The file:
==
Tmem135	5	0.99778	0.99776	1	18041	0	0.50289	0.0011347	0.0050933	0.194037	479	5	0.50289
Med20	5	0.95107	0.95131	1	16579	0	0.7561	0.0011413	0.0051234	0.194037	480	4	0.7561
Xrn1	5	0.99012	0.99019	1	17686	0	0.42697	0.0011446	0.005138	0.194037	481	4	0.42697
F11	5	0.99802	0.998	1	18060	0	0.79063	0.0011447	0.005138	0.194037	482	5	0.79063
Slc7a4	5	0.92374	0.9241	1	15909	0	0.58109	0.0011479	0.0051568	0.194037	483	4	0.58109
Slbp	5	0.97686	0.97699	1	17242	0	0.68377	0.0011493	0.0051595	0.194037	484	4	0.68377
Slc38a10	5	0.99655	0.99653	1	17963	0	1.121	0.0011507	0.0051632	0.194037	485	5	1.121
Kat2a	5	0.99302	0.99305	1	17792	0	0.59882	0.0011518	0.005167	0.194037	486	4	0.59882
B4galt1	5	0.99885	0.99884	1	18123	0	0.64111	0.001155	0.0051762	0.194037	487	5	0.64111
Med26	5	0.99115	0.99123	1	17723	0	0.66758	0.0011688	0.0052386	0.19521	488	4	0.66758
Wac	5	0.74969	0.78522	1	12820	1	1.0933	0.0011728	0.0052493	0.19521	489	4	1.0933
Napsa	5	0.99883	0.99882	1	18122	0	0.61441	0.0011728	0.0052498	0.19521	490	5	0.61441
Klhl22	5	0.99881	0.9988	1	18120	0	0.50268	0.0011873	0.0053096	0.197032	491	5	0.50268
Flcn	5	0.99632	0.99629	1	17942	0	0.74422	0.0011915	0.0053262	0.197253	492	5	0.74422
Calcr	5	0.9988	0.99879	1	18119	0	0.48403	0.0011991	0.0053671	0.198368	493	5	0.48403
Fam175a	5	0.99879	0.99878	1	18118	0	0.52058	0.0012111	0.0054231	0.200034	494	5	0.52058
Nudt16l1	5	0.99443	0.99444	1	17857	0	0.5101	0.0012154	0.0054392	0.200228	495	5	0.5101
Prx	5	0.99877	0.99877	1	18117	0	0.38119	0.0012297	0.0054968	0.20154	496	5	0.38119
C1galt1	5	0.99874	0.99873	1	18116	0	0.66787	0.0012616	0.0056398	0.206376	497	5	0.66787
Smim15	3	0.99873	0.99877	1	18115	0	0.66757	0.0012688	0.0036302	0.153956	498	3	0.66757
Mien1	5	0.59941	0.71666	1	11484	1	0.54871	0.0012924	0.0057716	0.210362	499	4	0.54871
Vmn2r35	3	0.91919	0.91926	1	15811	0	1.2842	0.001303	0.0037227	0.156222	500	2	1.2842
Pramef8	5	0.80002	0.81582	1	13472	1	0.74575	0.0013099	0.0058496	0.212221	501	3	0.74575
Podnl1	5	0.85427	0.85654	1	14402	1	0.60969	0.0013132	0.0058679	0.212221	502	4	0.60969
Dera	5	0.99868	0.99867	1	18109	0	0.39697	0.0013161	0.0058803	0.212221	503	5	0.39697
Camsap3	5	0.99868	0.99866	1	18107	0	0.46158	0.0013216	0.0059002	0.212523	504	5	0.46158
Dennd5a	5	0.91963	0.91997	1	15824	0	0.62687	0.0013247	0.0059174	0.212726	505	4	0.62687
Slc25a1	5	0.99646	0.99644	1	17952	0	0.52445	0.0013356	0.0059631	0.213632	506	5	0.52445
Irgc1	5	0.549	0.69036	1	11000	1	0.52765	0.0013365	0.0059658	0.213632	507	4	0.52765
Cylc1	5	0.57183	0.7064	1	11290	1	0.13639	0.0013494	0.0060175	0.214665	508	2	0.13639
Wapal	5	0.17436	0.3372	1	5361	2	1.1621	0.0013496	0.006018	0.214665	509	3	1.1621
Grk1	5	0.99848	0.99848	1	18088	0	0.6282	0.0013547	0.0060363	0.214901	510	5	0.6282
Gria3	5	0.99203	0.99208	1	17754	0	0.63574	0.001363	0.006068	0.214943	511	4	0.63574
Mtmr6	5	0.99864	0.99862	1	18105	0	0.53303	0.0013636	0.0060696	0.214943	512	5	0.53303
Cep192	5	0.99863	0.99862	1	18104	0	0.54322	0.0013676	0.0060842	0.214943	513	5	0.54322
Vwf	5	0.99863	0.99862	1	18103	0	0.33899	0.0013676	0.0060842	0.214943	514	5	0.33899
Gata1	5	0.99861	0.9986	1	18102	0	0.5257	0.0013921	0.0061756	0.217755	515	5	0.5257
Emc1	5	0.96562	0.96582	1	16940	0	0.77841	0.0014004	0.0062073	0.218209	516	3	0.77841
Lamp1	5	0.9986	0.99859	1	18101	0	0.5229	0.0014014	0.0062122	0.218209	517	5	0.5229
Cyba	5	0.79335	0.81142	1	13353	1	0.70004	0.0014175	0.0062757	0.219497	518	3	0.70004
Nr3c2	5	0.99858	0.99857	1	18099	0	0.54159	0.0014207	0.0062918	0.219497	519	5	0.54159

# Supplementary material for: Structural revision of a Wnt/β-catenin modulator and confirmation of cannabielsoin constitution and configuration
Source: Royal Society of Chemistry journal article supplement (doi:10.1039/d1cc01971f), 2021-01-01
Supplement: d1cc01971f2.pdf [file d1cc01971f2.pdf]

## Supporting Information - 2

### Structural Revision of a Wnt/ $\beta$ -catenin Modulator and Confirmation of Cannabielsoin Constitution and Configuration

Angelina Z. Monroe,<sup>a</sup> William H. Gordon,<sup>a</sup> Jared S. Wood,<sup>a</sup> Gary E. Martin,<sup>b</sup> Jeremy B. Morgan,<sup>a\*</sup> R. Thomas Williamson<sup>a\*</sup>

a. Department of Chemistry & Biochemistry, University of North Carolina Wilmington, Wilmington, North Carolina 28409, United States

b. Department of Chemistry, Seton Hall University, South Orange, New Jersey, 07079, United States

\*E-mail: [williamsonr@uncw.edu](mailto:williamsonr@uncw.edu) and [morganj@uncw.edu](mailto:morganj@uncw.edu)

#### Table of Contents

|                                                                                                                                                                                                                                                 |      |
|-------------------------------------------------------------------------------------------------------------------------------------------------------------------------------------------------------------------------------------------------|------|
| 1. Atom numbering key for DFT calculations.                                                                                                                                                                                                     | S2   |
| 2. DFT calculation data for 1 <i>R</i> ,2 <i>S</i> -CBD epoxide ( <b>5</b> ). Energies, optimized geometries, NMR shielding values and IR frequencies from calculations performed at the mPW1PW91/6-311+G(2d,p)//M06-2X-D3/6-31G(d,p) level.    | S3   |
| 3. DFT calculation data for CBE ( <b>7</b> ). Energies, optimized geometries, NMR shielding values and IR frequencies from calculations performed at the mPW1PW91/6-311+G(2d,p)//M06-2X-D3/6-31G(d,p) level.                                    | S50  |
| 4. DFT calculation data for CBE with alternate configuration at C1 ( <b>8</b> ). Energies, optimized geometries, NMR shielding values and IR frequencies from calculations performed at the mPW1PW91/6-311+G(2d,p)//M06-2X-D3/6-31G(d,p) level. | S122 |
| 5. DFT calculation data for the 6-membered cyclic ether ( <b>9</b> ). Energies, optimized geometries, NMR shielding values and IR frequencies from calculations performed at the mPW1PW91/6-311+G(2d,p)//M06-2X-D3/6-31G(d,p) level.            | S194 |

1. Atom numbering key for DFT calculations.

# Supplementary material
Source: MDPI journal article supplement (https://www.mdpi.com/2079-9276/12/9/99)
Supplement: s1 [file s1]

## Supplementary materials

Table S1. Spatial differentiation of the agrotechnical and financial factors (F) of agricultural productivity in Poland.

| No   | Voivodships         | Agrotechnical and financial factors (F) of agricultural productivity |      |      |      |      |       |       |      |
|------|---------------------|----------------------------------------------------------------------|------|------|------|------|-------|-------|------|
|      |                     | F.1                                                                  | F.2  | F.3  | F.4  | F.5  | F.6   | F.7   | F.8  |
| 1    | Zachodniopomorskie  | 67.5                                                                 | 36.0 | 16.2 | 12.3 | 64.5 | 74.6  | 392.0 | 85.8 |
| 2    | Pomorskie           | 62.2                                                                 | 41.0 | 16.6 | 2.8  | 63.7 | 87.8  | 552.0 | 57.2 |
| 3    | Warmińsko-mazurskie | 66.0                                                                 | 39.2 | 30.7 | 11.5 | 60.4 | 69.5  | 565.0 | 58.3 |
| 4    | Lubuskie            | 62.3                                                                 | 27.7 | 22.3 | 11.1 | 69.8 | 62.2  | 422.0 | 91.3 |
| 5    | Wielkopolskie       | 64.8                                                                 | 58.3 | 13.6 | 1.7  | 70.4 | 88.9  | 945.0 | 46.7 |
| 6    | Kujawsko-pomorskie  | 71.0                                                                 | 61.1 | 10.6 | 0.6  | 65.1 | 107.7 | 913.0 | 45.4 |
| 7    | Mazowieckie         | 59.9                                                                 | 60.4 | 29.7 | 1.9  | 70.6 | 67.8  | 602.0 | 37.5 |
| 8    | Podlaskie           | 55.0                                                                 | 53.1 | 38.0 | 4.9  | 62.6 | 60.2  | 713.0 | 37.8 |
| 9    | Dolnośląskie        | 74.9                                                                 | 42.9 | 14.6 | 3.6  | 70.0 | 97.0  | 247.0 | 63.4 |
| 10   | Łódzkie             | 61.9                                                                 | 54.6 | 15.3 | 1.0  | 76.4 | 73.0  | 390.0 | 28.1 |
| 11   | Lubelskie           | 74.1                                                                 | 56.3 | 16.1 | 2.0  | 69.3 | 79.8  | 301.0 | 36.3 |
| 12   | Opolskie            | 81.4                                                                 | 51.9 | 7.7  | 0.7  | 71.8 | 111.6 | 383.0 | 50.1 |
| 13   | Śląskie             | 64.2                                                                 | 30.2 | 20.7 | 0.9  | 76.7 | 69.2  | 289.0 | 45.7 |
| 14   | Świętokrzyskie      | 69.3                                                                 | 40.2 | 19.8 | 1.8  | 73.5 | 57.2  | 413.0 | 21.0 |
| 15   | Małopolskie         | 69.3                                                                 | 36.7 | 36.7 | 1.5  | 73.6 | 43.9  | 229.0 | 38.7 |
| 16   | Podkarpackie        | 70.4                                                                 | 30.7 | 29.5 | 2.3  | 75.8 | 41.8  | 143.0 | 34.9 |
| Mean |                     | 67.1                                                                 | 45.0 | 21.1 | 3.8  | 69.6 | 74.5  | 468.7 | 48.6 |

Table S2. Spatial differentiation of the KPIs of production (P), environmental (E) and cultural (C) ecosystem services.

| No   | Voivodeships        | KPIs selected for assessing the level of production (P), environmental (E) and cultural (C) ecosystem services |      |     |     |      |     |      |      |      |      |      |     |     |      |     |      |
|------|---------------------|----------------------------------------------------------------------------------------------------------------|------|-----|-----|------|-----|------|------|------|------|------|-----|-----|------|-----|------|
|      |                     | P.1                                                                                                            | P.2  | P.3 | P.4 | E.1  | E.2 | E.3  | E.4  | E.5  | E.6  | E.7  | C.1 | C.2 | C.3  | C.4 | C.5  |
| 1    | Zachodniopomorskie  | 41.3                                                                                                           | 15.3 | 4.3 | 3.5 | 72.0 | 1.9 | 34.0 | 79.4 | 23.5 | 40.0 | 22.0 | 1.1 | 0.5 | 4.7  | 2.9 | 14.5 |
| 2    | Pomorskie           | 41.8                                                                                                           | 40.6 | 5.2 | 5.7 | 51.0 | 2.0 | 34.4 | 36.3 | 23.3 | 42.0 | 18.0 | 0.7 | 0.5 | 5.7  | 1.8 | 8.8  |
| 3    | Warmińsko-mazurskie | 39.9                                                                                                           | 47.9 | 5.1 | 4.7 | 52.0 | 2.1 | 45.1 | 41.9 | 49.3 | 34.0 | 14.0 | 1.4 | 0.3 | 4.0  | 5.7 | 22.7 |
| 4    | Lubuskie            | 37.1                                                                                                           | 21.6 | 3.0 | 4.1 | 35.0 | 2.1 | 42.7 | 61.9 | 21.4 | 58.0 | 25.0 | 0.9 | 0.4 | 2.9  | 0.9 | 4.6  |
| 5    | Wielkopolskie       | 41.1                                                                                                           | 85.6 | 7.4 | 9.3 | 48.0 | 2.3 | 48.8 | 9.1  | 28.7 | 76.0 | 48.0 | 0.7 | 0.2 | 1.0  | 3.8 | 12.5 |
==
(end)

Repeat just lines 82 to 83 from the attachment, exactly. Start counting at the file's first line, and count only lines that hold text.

| 15   | Małopolskie         | 69.3                                                                 | 36.7 | 36.7 | 1.5  | 73.6 | 43.9  | 229.0 | 38.7 |
| 16   | Podkarpackie        | 70.4                                                                 | 30.7 | 29.5 | 2.3  | 75.8 | 41.8  | 143.0 | 34.9 |